The Strange Tale of the Real Replica

Flying high and hanging from the rafters of the Motorsports Hall of Fame of America (MSHFA) and Museum is one of the most original non-wing sprint cars still in existence, and there's a funny story why.

In 1995, Michigan native Brian Tyler had a one-off run in a Sprint Car car featured on ESPN's Thursday Night Thunder. He won, and in so doing landed a full-time seat he took straight to the 1996 and 1997 USAC National Sprint Car Championship titles. 

Brian Tyler's Sprint car

Tyler's Larry Contos Racing championship-winning machine featured a fuel-injected aluminum-block Chevy engine in a J&J chassis. Like most sprint cars, it has no gearbox and no right-front brake but plenty of go at 775 - 800 horsepower. 

The back-to-back USAC titles in the sprinter, and 2006 and 2012 Little 500 victories in other cars, are among Tyler's career highlights. Going strong as an active driver at 52, Tyler still competes in the Little 500, USAC events and has trekked to South Africa to race in the month of March each of the last five years. 

He drives the well-known Galas Motorsports No. 12 USAC Silver Crown cars and more recently is a regular on the NASA and historic scene racing and continuing the development of the aerodynamic Silver Crown "speedway" car project that was shelved more than a dozen years ago.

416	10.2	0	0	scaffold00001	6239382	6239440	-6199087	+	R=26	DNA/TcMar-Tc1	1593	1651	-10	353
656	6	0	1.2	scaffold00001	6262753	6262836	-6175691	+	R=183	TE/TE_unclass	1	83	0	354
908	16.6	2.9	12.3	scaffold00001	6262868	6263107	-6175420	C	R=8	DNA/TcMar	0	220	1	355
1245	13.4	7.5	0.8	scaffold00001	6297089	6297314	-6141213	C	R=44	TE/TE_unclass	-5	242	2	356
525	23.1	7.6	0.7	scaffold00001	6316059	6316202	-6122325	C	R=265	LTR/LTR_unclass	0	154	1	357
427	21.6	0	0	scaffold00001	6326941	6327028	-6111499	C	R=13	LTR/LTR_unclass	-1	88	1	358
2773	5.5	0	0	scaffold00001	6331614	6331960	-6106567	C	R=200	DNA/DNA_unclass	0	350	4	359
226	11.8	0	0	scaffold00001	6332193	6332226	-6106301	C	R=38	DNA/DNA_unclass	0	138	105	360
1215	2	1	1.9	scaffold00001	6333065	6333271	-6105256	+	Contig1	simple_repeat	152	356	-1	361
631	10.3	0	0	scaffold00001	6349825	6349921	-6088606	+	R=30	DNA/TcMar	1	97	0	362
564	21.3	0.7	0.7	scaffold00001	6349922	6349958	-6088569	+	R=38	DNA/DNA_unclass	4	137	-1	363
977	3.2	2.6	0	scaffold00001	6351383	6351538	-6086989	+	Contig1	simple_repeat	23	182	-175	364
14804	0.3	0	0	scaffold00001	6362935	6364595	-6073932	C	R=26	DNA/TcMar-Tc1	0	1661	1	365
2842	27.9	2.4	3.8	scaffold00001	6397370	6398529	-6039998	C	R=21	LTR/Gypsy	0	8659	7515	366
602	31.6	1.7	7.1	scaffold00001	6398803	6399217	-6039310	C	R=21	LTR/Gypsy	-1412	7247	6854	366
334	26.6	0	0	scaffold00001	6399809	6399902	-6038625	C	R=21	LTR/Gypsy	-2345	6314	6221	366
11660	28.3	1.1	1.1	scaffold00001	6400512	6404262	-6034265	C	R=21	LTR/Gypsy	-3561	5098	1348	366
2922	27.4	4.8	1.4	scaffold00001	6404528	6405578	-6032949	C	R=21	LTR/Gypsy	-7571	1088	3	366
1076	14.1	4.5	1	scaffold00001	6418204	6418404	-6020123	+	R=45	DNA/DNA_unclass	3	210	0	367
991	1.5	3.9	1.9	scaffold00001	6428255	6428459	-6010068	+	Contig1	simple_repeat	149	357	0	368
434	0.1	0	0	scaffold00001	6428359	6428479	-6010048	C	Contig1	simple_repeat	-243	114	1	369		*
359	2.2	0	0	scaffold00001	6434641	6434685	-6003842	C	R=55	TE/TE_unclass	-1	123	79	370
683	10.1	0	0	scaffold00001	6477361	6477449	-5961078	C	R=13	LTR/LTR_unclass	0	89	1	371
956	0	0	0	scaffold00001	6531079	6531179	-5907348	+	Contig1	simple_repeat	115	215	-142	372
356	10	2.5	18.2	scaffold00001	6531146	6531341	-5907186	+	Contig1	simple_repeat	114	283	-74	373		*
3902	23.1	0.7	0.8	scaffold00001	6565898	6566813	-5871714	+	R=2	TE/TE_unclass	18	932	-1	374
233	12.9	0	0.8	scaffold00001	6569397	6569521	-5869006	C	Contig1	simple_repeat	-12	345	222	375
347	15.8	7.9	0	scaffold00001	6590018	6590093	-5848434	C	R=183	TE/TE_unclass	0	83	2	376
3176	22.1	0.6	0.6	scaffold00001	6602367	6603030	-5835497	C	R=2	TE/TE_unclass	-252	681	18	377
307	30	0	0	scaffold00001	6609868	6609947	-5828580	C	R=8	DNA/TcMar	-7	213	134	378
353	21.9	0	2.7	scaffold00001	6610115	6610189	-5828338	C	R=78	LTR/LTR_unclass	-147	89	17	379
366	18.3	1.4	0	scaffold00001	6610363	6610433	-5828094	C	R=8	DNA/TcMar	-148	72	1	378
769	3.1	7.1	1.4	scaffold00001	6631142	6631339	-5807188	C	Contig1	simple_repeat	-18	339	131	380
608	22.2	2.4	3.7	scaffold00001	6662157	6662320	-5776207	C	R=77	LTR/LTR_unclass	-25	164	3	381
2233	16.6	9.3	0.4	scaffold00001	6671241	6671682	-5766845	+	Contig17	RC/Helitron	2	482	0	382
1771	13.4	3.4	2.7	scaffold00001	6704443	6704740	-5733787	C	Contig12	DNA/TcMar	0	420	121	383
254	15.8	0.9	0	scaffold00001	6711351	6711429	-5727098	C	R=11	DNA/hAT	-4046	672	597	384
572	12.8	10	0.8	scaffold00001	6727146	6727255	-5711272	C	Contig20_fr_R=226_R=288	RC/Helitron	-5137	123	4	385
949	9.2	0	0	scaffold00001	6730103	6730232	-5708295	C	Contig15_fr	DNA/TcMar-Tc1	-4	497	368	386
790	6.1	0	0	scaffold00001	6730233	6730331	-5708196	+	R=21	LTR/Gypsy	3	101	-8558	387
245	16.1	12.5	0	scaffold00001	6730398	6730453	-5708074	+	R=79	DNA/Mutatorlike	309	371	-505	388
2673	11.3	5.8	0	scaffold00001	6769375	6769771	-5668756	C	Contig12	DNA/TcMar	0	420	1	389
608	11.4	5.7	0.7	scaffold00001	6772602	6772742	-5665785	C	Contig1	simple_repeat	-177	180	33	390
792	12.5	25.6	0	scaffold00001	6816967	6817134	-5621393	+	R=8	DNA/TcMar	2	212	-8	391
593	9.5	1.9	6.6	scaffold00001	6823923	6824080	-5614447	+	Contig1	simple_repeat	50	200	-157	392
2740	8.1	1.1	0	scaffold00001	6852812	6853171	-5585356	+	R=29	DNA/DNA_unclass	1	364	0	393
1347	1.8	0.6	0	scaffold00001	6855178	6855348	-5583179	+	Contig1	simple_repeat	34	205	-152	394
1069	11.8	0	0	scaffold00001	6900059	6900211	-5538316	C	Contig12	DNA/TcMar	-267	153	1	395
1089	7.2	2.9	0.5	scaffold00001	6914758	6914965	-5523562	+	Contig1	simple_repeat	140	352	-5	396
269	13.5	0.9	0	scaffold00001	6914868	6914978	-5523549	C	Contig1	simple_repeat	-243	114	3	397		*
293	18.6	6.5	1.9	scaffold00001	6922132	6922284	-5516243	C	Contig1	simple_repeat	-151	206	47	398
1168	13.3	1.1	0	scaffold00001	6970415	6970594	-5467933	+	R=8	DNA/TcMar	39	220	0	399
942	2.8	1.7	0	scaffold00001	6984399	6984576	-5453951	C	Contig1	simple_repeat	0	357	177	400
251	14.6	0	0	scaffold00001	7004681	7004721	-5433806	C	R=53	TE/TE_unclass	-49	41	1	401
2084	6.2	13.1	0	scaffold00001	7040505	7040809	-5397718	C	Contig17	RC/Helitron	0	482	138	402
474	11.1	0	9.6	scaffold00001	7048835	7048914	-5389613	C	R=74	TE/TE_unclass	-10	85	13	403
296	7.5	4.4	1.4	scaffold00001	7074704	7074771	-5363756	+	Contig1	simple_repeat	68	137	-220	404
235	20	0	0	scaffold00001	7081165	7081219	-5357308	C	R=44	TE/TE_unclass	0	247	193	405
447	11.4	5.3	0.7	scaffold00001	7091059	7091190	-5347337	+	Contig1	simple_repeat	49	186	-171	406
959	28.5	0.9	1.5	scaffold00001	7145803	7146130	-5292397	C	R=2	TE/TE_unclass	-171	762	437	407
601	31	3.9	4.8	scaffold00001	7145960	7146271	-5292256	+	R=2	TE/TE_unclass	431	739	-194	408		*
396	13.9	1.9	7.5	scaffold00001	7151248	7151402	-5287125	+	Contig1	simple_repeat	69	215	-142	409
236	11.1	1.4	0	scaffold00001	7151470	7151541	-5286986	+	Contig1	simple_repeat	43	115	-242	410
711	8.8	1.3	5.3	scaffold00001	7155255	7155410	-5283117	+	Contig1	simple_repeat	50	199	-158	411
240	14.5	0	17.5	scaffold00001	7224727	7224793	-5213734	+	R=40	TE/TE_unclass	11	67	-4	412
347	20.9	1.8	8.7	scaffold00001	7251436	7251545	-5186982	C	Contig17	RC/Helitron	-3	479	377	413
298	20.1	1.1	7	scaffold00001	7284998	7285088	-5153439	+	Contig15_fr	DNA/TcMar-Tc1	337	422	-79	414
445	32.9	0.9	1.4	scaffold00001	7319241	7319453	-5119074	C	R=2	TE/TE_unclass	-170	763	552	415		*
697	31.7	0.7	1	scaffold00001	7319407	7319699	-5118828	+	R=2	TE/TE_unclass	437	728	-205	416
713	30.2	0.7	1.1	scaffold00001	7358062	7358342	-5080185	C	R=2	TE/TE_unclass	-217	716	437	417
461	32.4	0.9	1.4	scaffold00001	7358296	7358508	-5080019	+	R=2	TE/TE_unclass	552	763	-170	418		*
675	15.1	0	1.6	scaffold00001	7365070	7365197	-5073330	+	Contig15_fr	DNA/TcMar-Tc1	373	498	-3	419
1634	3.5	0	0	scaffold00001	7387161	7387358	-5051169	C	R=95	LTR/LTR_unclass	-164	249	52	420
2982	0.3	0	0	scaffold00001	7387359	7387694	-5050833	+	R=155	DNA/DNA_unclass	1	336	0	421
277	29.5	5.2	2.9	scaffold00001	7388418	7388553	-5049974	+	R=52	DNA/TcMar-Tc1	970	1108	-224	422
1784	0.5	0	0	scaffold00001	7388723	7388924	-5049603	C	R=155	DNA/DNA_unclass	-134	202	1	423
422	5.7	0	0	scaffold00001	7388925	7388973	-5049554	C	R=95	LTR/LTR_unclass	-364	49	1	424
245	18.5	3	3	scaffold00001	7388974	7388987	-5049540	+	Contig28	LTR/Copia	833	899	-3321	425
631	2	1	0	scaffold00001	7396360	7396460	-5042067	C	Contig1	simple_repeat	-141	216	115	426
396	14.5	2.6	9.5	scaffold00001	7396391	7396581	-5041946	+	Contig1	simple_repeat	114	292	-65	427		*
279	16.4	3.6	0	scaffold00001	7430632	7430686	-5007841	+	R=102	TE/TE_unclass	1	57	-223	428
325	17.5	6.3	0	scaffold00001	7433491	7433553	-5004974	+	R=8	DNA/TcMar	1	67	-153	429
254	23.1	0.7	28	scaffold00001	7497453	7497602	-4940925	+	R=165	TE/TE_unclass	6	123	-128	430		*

Tyler's double title-winning No. 4 Sprint Car was donated to the Motorsports Hall of Fame of America years ago by Hector Belliveau with the understanding it was a replica. 

Recently, the MSHFA called Tyler and asked him about the car hanging in the ceiling of the Museum.

"Someone built a replica of my car?" he asked, incredulous.

We explained who donated it and Tyler made us equally incredulous when he said, "No, that's the real car. I know because I built it."

What happened was that the roll cage was crunched in an accident shortly after Tyler's second championship and the car was retired. Belliveau came along and said he wanted to acquire all the pieces off the car so that he could build a perfect replica. He purchased the parts and put them in storage. 

Years later, Tyler bumped into him and asked if he'd built the replica. No, said Belliveau, he never got around to it. "Well, what do you intend to do with it?" Tyler asked. When Belliveau told him it would be for static display only, a light went on. 

Tyler still had the original chassis, he explained, and he could straighten it and put all the original parts back on. It wouldn't be safe for racing, because of the stresses of unbending the cage, but it'd be absolutely original. 

And that's how the Motorsports Hall of Fame of America and Museum ended up with this wonderful example of turn-of-the-millennium racing history.

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